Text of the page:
Restoring the ‘spirit reach’ of the San Antonio River

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UIW freshmen George English and Blake Thomas remove debris from the outlet of the very dry Blue Hole. Paula Christine Schuler

UIW freshmen George English and Blake Thomas remove debris from the outlet of the very dry Blue Hole. Paula Christine Schuler

UIW freshmen George English and Blake Thomas remove logs to keep water flowing in the right direction from the headwaters of the San Antonio River. Paula Christine Schuler

UIW freshmen George English and Blake Thomas remove logs to keep water flowing in the right direction from the headwaters of the San Antonio River. Paula Christine Schuler

By Paula Christine Schuler

sac-ranger@alamo.edu

About once a week 10-50 community volunteers and students from the University of Incarnate Word gather 8:30 a.m. to 1 p.m. Fridays or Saturdays at a small, but significant green space occupying the first one-third mile of the San Antonio River.

They work to help restore, preserve and build a place where the Earth can stay well and people can be restored.

With the recent drought, flow from the San Antonio Spring, fondly known as the Blue Hole, has ceased.

The spring that feeds the San Antonio River and the Olmos Creek come together near the Blue Hole to bring inhabitants and tourists to the area for more than 10,000 years.

Helen Ballew, executive director of Headwaters of Incarnate Word, originally named Headwaters Coalition, said some like to call the headwaters “the spirit reach” of the San Antonio River Walk.

The first initiative of Headwaters of Incarnate Word is the creation of a nature sanctuary for education and spiritual reflection.

Part of the work is removing debris deposited by the Olmos Creek after storms and building trails.

Other workdays are devoted to removing invasive plants and replacing them with native species.

Ballew reported that the Olmos Basin north of UIW collects rainwater from a large area of San Antonio.

Water flow is controlled by the Olmos Dam to prevent massive flooding.

San Antonio has been in a state of drought since fall 2010 leading to a backflow situation.

In spite of flow controls of rain from the dam and below the dam can overwhelm the dry creek bed from the Blue Hole and push water and debris back into the Blue Hole.

To prevent blockage, Ballew installed a fine grate over the spring’s circular wall opening.

She said the grate protects the opening to the spring cave from debris.

When rain returns, the spring will be unimpeded and able to flow again, Ballew said.

Little springs and seeps will begin again in abundance over the Olmos Basin and headwaters area of the river.

On April 5, volunteers cleared recently gathered debris with a wheel barrel from the grate area and moved on to clear trees that had fallen over the riverbed.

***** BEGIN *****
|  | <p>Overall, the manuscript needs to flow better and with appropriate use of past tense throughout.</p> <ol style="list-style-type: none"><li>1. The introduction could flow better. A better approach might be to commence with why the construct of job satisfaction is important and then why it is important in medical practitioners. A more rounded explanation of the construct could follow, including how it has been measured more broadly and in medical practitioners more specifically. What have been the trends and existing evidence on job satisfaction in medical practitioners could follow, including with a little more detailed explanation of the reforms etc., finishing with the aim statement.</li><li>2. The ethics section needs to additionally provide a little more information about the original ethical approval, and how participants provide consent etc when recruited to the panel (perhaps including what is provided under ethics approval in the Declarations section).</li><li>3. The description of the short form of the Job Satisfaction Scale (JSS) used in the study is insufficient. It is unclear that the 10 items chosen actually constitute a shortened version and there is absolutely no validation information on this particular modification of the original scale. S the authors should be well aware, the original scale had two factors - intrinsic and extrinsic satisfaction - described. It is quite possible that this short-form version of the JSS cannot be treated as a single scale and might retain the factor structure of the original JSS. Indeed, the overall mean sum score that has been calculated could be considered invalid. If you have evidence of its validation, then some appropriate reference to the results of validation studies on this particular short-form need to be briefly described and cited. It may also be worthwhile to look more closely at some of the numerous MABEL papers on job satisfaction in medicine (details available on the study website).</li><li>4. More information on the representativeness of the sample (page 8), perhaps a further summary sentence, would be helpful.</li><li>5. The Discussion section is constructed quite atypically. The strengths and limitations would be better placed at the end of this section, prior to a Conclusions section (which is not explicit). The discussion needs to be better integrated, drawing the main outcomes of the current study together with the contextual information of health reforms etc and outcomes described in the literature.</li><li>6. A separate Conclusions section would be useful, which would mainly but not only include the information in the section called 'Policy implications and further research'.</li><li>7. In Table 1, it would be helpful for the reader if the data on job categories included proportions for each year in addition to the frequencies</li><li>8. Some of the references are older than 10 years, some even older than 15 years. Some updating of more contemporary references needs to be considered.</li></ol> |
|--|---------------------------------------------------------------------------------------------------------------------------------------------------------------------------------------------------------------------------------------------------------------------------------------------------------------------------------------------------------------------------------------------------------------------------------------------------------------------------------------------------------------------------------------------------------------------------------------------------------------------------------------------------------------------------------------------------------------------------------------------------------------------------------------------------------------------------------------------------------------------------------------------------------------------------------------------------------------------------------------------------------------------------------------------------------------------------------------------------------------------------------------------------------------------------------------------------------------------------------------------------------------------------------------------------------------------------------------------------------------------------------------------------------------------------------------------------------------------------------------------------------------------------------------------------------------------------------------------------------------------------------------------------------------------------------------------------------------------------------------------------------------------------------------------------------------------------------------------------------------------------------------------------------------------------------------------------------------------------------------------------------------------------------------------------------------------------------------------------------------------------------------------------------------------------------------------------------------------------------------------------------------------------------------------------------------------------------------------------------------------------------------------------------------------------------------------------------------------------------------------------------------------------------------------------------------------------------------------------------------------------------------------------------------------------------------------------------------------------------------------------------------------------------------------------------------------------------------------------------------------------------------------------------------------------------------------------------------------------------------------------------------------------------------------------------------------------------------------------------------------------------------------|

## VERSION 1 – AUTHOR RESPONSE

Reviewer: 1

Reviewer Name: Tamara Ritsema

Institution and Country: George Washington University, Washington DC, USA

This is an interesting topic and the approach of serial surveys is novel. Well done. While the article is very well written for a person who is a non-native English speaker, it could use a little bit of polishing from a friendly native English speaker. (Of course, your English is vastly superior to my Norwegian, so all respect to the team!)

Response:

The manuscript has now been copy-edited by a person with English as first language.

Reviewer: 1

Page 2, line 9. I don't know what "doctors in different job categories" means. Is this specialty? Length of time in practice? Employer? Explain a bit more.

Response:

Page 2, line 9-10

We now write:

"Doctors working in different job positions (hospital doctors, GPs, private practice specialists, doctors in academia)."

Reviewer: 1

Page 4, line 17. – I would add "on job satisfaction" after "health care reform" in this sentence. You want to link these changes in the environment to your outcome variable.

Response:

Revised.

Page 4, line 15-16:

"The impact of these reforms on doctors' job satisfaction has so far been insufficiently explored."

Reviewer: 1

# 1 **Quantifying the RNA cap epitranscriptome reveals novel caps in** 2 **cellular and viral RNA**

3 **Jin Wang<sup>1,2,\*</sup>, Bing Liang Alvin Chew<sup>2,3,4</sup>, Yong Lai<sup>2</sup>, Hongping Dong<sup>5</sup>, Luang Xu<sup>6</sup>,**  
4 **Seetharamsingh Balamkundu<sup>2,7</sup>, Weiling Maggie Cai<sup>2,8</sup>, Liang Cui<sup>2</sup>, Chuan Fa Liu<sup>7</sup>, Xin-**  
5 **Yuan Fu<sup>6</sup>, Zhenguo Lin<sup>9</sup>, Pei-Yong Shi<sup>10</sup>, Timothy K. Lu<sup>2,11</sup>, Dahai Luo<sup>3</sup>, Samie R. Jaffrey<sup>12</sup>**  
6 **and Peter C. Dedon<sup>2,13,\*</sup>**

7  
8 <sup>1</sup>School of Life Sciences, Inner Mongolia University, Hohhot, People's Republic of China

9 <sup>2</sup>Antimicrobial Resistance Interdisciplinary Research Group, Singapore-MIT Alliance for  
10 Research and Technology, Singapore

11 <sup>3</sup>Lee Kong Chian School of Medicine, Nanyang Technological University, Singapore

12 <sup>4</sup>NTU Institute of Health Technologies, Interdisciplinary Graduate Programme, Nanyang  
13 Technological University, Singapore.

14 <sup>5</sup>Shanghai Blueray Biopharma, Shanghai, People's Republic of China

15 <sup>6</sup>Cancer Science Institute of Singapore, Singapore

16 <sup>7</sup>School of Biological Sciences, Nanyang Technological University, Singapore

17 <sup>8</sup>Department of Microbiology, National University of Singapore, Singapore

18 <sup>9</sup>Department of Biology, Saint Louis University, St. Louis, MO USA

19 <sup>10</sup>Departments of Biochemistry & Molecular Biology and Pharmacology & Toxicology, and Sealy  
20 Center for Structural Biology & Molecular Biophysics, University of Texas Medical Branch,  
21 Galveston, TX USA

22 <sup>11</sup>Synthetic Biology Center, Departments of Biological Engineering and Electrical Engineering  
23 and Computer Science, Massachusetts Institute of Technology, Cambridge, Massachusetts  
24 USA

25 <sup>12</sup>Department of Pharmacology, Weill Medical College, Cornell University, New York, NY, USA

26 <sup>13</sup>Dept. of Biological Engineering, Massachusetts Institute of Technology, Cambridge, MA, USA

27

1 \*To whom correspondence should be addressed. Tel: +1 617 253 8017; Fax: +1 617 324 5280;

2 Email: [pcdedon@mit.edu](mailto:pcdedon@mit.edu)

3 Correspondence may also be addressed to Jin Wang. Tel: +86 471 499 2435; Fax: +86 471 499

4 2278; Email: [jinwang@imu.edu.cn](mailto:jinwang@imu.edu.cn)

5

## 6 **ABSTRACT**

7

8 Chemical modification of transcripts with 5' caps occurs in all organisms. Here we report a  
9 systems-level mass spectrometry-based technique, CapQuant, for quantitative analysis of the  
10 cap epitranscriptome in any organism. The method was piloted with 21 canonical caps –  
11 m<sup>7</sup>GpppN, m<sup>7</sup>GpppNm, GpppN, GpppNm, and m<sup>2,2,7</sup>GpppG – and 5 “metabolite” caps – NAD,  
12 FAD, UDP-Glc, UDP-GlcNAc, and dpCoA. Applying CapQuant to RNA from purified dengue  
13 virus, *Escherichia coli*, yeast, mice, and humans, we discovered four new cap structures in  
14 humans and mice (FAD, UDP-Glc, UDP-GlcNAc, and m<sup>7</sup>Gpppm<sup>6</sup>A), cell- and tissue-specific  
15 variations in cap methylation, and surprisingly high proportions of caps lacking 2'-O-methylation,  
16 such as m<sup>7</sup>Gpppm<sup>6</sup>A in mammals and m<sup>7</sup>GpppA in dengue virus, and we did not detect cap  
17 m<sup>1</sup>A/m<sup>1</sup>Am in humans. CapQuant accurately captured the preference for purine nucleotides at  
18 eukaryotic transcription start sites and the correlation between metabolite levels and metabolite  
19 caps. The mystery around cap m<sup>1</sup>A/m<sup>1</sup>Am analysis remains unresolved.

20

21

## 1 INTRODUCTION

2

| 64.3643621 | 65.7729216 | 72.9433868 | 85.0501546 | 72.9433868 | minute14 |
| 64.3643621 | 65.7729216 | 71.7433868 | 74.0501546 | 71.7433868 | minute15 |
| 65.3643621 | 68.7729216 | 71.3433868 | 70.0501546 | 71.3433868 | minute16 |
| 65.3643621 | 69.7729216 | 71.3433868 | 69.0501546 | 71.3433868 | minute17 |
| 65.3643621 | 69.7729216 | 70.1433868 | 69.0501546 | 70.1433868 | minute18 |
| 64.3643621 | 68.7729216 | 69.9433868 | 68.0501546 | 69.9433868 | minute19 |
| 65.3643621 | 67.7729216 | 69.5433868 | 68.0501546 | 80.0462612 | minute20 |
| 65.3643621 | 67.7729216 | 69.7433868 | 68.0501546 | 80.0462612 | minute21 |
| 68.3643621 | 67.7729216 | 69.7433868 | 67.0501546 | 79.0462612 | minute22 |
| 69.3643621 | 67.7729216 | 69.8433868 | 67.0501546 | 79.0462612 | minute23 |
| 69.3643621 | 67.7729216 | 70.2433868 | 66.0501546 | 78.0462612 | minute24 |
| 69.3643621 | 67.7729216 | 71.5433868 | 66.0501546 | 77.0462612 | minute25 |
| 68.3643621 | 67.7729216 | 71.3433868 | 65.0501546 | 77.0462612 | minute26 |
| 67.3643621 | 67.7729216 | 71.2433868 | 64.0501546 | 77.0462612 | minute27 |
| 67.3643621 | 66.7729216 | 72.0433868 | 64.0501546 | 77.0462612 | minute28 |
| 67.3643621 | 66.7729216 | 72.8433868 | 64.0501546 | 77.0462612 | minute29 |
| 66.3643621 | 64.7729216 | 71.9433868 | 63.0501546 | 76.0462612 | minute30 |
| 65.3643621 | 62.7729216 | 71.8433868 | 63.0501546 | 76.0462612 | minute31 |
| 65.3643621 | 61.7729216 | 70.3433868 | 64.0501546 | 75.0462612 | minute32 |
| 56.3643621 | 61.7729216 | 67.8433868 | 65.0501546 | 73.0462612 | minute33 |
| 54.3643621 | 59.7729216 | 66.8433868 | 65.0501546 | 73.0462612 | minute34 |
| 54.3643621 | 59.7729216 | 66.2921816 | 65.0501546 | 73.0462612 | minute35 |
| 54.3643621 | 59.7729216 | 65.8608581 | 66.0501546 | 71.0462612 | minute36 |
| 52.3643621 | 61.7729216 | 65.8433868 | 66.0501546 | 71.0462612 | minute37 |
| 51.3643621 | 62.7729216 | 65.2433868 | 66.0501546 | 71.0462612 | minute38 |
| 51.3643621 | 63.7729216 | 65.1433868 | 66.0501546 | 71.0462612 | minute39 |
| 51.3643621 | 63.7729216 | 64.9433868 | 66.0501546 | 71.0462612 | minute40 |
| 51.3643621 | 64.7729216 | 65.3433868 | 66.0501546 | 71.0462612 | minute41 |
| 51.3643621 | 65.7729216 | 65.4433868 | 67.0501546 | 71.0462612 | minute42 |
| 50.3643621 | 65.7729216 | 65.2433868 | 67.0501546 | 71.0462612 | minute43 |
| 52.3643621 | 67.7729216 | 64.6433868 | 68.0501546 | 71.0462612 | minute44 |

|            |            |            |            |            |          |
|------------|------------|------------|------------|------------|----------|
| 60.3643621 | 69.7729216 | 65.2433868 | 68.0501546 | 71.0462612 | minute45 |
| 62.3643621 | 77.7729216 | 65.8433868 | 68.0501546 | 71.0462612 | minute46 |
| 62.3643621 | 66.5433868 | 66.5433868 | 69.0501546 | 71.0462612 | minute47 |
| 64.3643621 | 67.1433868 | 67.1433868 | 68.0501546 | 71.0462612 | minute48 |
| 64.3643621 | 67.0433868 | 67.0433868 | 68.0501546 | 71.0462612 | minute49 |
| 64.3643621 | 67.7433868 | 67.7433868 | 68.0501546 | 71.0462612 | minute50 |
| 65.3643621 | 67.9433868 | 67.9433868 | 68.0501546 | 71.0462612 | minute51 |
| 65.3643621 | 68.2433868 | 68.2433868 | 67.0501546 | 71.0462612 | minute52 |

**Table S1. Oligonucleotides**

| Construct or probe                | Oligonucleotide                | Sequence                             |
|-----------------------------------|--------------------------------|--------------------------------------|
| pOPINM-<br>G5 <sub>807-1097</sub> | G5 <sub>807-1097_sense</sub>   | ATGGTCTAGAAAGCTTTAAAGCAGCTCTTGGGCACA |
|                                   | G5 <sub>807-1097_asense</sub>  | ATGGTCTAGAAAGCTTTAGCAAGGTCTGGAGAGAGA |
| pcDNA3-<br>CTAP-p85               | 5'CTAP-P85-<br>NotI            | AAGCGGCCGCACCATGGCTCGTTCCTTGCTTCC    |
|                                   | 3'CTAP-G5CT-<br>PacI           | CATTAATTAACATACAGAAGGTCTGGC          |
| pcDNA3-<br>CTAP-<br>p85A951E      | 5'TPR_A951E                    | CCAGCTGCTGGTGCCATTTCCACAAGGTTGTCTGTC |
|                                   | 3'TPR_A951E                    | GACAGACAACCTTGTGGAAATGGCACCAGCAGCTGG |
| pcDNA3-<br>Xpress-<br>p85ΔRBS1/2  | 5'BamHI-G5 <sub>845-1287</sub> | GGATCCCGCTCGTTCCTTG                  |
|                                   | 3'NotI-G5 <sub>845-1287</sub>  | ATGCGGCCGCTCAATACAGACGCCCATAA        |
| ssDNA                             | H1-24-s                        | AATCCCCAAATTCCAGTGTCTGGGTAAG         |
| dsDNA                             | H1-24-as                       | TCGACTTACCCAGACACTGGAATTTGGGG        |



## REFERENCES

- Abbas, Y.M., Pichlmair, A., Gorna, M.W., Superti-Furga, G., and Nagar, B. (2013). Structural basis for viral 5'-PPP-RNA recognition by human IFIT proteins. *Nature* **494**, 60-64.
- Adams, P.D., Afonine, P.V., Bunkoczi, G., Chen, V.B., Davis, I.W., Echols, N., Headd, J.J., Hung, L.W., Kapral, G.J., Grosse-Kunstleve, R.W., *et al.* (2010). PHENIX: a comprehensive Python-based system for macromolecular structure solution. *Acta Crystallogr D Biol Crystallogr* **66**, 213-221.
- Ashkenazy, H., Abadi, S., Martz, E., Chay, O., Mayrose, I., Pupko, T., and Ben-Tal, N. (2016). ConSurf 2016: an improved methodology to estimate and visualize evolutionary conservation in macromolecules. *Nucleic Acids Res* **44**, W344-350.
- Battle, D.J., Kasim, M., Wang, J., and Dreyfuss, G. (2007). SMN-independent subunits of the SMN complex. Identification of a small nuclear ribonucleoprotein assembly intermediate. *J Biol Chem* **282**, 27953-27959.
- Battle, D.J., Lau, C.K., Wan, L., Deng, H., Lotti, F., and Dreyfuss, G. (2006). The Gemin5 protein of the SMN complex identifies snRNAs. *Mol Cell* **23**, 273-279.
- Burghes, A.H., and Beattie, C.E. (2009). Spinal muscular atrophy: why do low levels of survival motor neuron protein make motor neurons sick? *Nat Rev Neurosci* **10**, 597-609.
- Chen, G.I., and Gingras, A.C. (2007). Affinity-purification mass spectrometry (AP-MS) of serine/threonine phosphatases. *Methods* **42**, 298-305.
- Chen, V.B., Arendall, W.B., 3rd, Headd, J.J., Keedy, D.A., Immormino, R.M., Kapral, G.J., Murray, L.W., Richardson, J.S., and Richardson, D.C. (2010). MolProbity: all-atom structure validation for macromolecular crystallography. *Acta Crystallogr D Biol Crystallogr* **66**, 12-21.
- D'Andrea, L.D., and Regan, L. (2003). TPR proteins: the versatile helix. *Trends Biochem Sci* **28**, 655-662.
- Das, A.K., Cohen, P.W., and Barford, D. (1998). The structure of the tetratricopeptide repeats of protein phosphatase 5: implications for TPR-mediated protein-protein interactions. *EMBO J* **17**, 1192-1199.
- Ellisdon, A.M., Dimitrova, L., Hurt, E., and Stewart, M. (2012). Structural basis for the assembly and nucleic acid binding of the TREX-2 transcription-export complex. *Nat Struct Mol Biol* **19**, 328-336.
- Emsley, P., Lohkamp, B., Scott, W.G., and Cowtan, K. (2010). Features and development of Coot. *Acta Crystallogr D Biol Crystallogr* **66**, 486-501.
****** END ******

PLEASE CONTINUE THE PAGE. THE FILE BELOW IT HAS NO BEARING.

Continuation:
Ballew said keeping the river bed clear of logs, fallen branches and leaf build-up helps preserve the Blue Hole, so it will be free to flow again when the aquifer returns to levels above 676 feet.

The historical marker tells of a much more active spring in the 1800s reported to sometimes gush several feet into the air.

“The whole river gushes up in one sparkling burst from the earth,” landscape architect and travel writer Frederick Law Olmsted wrote in his first travel book, “Journey Through Texas.”

Olmsted wrote, “It is beyond your possible conceptions of a spring.”

Ballew said they want more of a natural contemplative human scale to the development and care of this part of the river and maintain a simple, low impact kind of vision.

Ballew said there is a misconception that the Blue Hole is owned by the university but is inaccessible.

The headwaters sanctuary area is accessible from the UIW campus and visible on their campus map. Visit uiw.edu/map.

Three more initiatives of the Headwaters of Incarnate Word include restoration and care of the land, facilitation of sanctuary-based programs that encourage an ecological ethic and reaching out to serve as a catalyst for environmental responsibility.

Water will always be essential to life, and clean water coming from preserved sources is critical to the wellbeing of the environment.

The volunteers April 6 were a peaceful group ready to work at 8:30 a.m., dressed in boots or sneakers, jeans and long sleeves because it was a cold day.

UIW pre-pharmacy freshman George England said it was his second time to volunteer and he enjoyed the project.

Retired Air Force volunteer Olivia Tapia has been volunteering for two years and said, “This is important work.”

The friendly, ready hearts of the volunteers invested care and spirit into the river.

Tapia appeared typical of the volunteers, a group of individuals who were finding enjoyment, satisfaction, peace and restoration as they restored the “spirit reach.”

For more information, call Helen Ballew at 210-824-2224, Ext. 232 or visit www.headwaterscoalition.org.

To volunteer, email howard.homan@amormeus.org.

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